He added that in almost all cases you will face a visionary/missionary sell – even though you “get it”, you shouldn’t expect anyone else will, or that they will see the same value that you do. You have to communicate, you have to run campaigns and you have to keep polishing your story, constantly.

Questions from the audience
Did Atrenta invent Lint?No, lint was already around for C. For HDLs, Verilint and Leda were around before SpyGlass.

Atrenta has been international from day 1 with R&D centers around the world. What’s the secret in making this work?Ajoy’s experience started with Cadence and grew with S&T and Interra. There’s been a lot of maturing of the model across the industry, not just in Atrenta. In Atrenta, the management team is due a lot of credit for making this work well.

Atrenta grew mostly organically with only one acquisition. Is this the best way?The SpyGlass platform was a strength but would have made integration of independently-developed products more challenging. However, as revenue targets continued to grow, eventually we would have had to look at further acquisitions. If Ajoy was going to do it over again he might instead have optimized for an early sale. Building a big company is expensive and hard. Both Jim and Ajoy suggested for most ventures an early exit was greatly preferable to bulking up.

Any other advice?Be careful about what products you get into. It is very easy to get to having lots of products, many with questionable (or negative) return, then finding it difficult to back out of commitments. Small is beautiful and quick is beautiful. Be ruthless about pruning.

Why did Verilog win over VHDL in the market?Phill Moorby had built two simulators before Verilog so knew what to do and what not to do. And he spent a lot of time optimizing performance, sometimes at the cost of other things (like event-ordering) which eventually had to be cleaned up. Which may also suggest some interesting advice – sometimes prioritizing fast over absolutely correct (an engineering heresy) can be the right choice.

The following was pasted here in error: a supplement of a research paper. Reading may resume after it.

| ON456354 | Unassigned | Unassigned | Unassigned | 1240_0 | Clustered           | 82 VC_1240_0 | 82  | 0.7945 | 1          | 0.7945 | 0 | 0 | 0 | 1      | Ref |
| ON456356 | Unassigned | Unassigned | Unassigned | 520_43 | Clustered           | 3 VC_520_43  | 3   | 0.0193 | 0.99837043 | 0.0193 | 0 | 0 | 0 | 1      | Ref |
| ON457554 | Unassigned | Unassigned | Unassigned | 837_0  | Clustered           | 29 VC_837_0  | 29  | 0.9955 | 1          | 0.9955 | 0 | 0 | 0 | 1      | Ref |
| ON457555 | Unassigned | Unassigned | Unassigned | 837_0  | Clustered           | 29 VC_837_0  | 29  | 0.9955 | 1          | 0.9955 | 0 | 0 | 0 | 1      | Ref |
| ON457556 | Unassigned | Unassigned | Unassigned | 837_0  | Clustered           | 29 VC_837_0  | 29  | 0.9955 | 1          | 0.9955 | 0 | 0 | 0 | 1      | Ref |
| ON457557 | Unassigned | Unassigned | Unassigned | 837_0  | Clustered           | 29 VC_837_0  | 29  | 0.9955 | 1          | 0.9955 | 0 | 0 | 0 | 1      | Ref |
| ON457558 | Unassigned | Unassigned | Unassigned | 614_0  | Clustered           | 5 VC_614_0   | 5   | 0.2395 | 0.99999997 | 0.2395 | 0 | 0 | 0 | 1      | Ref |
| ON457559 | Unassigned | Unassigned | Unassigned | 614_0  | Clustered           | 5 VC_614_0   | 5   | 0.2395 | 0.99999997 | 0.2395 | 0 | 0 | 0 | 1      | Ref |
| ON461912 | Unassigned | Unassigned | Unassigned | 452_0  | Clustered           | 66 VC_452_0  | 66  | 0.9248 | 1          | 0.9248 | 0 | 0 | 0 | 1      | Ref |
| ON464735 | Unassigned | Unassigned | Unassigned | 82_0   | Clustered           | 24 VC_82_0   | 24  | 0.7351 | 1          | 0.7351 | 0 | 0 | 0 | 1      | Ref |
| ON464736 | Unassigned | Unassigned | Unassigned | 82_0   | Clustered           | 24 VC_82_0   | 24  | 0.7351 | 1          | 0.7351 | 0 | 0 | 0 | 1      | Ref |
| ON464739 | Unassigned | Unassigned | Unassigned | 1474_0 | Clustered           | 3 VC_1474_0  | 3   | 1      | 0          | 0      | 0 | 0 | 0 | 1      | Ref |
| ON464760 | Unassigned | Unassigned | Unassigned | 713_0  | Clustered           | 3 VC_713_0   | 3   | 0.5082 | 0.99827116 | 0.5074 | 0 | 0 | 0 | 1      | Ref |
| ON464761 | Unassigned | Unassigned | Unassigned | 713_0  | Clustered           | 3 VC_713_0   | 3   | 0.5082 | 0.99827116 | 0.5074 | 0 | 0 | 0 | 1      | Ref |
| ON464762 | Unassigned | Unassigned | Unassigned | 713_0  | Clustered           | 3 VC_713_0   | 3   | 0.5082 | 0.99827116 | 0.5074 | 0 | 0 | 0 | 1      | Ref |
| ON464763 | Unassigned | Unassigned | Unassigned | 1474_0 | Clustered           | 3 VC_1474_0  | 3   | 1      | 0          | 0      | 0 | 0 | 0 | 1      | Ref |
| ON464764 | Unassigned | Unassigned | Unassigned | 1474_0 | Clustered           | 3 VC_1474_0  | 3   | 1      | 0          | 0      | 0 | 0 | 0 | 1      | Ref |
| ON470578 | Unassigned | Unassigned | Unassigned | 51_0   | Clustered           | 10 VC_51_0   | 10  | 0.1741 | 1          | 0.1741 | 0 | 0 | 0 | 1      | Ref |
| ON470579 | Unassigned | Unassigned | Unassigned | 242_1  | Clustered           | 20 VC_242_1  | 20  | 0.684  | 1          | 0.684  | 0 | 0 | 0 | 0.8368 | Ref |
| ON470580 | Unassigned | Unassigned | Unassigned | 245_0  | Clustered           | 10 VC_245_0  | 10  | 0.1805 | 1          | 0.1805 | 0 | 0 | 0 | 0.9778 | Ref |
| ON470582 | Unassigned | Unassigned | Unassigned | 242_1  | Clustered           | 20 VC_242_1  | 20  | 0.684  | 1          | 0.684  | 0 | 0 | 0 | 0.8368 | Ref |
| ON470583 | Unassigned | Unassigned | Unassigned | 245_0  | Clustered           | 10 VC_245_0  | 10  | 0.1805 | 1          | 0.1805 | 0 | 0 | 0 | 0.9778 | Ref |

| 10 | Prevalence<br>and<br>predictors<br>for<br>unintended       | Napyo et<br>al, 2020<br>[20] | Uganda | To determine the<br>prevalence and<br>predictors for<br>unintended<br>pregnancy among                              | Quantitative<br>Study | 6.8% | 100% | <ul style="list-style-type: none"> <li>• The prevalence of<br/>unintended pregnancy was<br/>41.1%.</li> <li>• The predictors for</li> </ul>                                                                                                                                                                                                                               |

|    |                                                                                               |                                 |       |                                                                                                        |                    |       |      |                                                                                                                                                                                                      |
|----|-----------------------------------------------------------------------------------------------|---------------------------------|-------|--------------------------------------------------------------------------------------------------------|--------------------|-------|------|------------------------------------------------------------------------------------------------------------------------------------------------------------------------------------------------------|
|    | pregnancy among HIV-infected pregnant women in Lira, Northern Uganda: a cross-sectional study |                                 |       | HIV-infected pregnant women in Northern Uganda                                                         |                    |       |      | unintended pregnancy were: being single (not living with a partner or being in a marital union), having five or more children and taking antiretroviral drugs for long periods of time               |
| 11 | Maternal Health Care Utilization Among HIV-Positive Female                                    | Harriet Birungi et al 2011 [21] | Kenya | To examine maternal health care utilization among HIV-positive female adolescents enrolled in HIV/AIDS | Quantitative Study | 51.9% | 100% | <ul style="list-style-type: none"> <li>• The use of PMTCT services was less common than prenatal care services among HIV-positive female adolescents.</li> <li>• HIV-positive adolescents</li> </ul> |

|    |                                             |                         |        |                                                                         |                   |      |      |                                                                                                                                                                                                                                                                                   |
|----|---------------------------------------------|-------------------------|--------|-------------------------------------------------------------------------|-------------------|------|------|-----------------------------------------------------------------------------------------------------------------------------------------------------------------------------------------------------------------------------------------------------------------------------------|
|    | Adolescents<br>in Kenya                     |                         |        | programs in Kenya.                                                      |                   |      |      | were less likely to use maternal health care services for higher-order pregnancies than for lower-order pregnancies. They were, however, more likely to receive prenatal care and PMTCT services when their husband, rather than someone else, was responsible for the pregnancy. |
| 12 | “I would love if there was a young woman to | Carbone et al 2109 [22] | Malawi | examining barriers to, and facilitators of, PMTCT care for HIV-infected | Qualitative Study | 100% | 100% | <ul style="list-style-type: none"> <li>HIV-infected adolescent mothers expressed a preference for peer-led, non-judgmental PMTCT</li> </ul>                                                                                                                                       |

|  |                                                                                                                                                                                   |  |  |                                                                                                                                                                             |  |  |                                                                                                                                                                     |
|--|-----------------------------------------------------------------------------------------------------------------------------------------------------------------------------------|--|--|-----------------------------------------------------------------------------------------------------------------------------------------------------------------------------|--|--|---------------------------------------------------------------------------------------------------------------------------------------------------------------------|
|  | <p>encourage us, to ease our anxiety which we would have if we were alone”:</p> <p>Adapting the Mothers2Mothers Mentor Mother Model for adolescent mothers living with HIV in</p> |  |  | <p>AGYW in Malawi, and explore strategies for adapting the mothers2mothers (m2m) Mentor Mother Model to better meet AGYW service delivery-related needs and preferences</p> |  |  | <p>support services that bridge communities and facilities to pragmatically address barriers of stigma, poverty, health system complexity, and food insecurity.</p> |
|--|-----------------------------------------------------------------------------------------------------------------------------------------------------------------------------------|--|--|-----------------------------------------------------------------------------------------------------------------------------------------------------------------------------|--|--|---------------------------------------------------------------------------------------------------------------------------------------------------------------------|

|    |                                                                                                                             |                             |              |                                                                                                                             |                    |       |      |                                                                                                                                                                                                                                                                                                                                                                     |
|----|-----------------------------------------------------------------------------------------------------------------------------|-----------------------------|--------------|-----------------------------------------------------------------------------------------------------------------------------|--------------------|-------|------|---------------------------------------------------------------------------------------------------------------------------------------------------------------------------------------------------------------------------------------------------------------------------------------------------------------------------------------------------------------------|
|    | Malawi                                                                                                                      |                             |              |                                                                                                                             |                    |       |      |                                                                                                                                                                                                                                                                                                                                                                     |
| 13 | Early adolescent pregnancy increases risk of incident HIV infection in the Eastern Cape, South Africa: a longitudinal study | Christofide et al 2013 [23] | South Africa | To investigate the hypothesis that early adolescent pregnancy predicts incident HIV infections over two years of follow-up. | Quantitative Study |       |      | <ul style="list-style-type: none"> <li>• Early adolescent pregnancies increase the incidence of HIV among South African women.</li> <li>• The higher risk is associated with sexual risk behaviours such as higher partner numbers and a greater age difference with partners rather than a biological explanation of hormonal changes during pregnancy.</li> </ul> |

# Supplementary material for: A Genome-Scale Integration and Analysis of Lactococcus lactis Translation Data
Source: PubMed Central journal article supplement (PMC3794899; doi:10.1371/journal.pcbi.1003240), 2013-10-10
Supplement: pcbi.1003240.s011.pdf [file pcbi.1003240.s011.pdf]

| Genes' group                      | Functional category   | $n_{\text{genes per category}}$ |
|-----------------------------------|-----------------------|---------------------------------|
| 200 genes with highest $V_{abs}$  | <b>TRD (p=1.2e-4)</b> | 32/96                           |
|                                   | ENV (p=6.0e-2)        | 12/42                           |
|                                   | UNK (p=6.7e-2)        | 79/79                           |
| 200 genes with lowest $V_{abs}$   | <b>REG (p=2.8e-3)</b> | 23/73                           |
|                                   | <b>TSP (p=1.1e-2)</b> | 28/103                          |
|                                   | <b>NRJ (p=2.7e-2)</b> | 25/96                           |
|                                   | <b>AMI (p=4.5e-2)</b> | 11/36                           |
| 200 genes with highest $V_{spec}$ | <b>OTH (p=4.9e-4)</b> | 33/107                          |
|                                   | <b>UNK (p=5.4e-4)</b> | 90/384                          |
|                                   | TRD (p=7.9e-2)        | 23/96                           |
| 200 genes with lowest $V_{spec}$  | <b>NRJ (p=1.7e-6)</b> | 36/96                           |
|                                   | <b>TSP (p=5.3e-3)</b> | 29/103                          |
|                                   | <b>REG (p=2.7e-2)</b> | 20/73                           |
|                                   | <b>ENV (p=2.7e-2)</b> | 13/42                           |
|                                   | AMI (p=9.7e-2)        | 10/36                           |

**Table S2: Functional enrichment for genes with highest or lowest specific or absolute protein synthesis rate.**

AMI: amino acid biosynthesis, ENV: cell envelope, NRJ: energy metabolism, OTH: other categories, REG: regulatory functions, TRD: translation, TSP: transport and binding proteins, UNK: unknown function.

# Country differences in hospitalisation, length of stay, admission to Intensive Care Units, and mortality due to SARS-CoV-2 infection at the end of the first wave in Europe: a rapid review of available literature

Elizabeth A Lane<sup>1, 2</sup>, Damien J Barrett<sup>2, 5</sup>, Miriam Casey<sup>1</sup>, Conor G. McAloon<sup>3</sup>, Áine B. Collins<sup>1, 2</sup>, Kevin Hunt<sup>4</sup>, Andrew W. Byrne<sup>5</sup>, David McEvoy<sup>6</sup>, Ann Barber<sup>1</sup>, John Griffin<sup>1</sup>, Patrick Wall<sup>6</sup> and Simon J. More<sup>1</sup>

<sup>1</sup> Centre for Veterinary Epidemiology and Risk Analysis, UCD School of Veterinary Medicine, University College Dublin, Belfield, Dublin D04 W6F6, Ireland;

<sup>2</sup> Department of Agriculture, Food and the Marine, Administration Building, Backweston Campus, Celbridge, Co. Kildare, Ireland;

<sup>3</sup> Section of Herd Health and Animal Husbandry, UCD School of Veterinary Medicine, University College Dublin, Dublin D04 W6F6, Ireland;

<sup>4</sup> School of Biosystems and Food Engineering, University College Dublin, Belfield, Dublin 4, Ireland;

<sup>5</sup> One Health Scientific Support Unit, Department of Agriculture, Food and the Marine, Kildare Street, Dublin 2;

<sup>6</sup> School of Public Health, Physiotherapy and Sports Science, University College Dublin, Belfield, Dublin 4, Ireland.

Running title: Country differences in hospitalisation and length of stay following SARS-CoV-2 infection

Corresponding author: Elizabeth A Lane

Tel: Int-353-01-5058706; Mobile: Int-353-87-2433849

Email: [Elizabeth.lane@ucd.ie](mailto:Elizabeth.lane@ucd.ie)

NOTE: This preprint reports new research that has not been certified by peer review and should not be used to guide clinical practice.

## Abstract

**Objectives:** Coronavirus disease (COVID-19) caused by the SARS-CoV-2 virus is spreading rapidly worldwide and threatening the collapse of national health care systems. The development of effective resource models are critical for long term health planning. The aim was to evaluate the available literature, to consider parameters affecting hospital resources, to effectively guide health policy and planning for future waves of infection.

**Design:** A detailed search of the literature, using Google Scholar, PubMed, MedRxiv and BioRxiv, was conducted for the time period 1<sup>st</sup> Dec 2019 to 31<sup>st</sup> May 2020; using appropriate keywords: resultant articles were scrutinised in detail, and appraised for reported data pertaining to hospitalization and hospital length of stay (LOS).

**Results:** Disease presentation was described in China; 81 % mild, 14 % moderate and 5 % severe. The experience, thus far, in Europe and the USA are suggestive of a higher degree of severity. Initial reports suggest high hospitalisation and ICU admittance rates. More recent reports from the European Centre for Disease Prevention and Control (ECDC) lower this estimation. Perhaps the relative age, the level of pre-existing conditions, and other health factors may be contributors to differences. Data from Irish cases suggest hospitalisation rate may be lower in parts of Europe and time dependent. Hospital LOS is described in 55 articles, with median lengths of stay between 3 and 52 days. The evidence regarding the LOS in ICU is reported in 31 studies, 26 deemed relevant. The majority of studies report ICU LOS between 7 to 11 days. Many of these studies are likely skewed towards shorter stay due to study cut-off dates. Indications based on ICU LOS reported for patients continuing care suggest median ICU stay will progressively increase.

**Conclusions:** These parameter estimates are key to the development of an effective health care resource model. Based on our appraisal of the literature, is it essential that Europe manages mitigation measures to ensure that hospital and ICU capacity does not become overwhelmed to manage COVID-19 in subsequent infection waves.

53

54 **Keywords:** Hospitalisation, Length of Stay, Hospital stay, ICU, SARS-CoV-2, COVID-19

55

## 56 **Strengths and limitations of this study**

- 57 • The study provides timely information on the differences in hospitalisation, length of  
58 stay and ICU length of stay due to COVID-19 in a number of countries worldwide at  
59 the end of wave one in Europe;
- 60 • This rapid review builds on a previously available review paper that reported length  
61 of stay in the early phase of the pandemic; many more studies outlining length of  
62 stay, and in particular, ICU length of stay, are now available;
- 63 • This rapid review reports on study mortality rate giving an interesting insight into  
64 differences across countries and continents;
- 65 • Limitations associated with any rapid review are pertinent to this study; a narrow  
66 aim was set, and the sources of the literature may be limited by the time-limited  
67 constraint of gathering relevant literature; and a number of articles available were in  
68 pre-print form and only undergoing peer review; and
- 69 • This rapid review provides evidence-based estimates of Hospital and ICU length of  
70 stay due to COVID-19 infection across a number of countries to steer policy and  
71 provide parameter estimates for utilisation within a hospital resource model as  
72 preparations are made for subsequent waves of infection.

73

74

What will happen with EDA in next five years?Five years is a short window. Semiconductor companies really have to work through their role(s) in the market first (before clarity for EDA will emerge). The honest answer is who knows? That said, chip design still depends very much on EDA and always will.

Ajoy the Person
At the end of it all, we are measured not just by what we accomplish in technology and business, but also the impression we leave on others. We can only hope we do as well in this department as Ajoy.

Jim runs a charitable organization called the Heart of Technology which helps kids at risk. He stressed that thanks to Ajoy’s direct involvement, Atrenta has always sponsored the organization and Ajoy has always written a personal check. Ajoy and the company have also been actively involved in multiple charities, especially the Second Harvest Food Bank.

I have worked with Ajoy for nearly 20 years and can attest that he is one of the kindest, highest integrity and most loyal people you could hope to work with. This isn’t just my perspective. I have heard the same opinion echoed by many people within the company and across the industry. I wish him luck in whatever he does next.

More articles by Bernard…